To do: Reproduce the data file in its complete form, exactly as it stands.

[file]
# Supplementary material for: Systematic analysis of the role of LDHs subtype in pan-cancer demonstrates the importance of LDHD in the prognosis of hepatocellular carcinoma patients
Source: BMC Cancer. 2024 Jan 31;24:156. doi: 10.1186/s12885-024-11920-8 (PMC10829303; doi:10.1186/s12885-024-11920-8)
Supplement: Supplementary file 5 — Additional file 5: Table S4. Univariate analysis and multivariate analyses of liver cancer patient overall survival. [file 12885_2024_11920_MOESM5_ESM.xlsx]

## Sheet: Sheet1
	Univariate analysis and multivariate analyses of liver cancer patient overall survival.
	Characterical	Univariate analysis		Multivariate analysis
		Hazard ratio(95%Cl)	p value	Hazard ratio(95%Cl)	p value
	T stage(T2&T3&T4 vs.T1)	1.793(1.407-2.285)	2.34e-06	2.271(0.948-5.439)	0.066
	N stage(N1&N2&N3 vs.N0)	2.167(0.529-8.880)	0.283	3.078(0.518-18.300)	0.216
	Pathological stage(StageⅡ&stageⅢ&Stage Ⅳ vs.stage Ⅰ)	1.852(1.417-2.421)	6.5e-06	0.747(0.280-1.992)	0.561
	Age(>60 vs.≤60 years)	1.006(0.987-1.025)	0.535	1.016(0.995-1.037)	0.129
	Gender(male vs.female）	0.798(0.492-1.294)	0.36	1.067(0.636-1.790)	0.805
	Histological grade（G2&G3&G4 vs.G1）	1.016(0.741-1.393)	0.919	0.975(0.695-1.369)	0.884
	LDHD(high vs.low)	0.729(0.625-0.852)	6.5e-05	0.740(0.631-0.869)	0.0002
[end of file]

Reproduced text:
# Supplementary material for: Systematic analysis of the role of LDHs subtype in pan-cancer demonstrates the importance of LDHD in the prognosis of hepatocellular carcinoma patients
Source: BMC Cancer. 2024 Jan 31;24:156. doi: 10.1186/s12885-024-11920-8 (PMC10829303; doi:10.1186/s12885-024-11920-8)
Supplement: Supplementary file 5 — Additional file 5: Table S4. Univariate analysis and multivariate analyses of liver cancer patient overall survival. [file 12885_2024_11920_MOESM5_ESM.xlsx]

## Sheet: Sheet1
	Univariate analysis and multivariate analyses of liver cancer patient overall survival.
	Characterical	Univariate analysis		Multivariate analysis
		Hazard ratio(95%Cl)	p value	Hazard ratio(95%Cl)	p value
	T stage(T2&T3&T4 vs.T1)	1.793(1.407-2.285)	2.34e-06	2.271(0.948-5.439)	0.066
	N stage(N1&N2&N3 vs.N0)	2.167(0.529-8.880)	0.283	3.078(0.518-18.300)	0.216
	Pathological stage(StageⅡ&stageⅢ&Stage Ⅳ vs.stage Ⅰ)	1.852(1.417-2.421)	6.5e-06	0.747(0.280-1.992)	0.561
	Age(>60 vs.≤60 years)	1.006(0.987-1.025)	0.535	1.016(0.995-1.037)	0.129
	Gender(male vs.female）	0.798(0.492-1.294)	0.36	1.067(0.636-1.790)	0.805
	Histological grade（G2&G3&G4 vs.G1）	1.016(0.741-1.393)	0.919	0.975(0.695-1.369)	0.884
	LDHD(high vs.low)	0.729(0.625-0.852)	6.5e-05	0.740(0.631-0.869)	0.0002